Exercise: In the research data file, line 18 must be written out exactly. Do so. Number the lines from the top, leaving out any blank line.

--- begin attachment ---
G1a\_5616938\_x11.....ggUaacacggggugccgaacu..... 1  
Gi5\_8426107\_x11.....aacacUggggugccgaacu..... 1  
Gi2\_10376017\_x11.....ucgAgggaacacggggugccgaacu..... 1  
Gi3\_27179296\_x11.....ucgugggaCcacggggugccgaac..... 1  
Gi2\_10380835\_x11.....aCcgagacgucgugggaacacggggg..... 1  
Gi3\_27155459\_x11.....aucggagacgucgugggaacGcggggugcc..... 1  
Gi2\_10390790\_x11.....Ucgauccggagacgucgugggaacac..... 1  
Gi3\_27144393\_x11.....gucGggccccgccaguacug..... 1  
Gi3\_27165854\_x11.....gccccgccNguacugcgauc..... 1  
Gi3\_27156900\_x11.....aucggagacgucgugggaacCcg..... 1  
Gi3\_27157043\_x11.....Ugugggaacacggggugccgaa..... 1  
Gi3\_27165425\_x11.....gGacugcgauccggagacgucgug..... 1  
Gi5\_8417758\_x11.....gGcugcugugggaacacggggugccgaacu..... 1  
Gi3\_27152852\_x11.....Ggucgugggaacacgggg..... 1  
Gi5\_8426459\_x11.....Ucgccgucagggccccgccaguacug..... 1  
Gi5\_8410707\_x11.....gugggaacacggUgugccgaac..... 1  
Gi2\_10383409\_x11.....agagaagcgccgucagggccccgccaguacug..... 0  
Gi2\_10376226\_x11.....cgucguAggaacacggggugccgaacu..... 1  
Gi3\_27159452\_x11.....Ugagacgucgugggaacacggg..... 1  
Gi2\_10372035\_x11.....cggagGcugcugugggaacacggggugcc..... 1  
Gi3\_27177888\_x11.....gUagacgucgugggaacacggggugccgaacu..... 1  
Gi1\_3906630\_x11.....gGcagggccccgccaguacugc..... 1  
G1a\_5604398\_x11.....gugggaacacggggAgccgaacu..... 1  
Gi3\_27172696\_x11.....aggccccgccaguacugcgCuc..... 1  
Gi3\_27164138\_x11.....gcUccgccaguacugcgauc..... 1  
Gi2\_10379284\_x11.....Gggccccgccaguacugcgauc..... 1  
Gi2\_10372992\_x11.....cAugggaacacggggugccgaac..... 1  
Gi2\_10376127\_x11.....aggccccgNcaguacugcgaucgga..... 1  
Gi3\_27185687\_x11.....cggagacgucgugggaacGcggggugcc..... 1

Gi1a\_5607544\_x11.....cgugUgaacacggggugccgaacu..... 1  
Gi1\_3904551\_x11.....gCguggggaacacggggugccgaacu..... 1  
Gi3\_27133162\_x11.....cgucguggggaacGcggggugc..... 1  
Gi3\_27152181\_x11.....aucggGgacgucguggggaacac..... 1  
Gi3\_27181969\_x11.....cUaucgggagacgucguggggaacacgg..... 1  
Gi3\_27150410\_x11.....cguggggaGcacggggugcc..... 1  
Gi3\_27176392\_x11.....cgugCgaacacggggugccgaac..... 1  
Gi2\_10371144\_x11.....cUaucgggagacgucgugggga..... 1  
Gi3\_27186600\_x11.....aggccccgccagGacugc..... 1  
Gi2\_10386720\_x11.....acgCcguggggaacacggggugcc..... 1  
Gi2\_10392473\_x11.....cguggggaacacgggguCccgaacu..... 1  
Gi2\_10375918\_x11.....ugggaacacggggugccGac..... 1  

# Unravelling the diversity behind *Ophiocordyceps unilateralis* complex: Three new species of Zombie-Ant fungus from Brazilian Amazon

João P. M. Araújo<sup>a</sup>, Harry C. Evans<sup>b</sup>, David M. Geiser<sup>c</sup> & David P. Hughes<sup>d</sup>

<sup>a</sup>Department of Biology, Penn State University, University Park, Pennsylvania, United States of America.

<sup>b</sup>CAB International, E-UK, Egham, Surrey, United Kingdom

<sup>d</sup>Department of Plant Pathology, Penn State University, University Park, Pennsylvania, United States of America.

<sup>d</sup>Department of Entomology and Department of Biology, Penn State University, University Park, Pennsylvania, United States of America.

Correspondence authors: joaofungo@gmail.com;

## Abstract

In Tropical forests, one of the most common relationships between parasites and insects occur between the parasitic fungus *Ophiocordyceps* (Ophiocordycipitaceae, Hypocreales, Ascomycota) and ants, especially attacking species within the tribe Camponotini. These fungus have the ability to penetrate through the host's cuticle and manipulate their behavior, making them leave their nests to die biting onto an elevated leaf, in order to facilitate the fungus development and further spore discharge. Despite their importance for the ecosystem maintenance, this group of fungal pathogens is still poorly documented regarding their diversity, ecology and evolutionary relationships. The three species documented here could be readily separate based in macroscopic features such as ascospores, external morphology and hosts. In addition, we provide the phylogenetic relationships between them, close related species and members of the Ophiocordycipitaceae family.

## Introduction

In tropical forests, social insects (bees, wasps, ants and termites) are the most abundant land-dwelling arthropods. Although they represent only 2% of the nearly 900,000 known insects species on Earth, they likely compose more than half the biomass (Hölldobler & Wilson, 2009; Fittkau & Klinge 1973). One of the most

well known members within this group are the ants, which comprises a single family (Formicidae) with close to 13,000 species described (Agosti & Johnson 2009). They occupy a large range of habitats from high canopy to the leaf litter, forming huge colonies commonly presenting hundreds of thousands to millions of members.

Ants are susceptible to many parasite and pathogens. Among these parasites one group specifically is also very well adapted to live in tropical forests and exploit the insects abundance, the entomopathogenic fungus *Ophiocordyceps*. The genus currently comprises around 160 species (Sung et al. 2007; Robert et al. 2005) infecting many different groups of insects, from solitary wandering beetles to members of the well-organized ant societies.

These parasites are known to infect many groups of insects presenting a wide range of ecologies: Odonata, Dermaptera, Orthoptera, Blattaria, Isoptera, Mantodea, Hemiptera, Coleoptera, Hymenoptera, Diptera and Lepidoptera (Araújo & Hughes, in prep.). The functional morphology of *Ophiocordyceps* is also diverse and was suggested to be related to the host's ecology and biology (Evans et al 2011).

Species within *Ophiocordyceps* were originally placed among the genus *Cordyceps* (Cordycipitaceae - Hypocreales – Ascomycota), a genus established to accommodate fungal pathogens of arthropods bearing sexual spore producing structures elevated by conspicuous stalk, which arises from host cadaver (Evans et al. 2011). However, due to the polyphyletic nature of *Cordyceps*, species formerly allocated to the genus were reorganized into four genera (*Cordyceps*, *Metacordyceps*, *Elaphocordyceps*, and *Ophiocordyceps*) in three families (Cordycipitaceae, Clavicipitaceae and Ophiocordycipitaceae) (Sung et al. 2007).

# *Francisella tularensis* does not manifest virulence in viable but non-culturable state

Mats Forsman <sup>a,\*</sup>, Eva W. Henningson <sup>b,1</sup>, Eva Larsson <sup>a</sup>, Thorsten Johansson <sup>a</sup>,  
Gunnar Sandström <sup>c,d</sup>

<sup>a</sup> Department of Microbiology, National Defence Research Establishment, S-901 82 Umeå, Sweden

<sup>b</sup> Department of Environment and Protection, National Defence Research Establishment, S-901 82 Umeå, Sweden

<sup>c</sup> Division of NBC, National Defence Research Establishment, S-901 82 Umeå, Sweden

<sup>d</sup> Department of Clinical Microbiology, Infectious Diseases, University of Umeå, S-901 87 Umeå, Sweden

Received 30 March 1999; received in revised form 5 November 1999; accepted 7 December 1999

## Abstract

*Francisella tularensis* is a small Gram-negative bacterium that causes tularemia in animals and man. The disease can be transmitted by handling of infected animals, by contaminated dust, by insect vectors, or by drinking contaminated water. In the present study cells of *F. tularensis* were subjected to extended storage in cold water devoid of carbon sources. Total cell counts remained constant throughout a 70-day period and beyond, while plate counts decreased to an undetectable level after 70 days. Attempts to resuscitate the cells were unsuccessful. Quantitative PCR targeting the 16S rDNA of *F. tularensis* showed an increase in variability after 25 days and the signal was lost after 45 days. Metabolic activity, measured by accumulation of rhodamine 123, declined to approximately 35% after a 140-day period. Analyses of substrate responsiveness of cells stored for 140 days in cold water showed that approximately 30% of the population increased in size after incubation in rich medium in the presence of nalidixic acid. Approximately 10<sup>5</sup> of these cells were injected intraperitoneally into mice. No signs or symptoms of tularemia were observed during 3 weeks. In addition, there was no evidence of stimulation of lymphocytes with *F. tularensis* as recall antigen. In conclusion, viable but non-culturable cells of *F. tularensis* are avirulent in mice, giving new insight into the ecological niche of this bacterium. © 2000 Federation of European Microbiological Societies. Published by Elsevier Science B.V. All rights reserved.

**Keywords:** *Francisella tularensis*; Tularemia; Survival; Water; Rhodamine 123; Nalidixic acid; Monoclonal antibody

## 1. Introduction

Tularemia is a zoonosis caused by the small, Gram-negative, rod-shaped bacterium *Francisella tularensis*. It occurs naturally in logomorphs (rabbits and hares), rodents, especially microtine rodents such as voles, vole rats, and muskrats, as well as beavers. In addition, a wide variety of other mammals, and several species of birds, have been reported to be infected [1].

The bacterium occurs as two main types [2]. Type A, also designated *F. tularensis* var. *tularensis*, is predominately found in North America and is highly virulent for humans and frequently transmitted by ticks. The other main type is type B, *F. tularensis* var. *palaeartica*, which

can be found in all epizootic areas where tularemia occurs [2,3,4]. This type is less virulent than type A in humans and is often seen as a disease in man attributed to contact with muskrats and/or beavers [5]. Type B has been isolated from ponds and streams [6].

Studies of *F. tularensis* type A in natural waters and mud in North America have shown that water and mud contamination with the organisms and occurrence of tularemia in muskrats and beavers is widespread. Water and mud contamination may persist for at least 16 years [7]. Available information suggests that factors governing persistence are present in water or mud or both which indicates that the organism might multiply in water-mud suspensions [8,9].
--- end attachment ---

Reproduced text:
Gi2\_10376226\_x11.....cgucguAggaacacggggugccgaacu..... 1  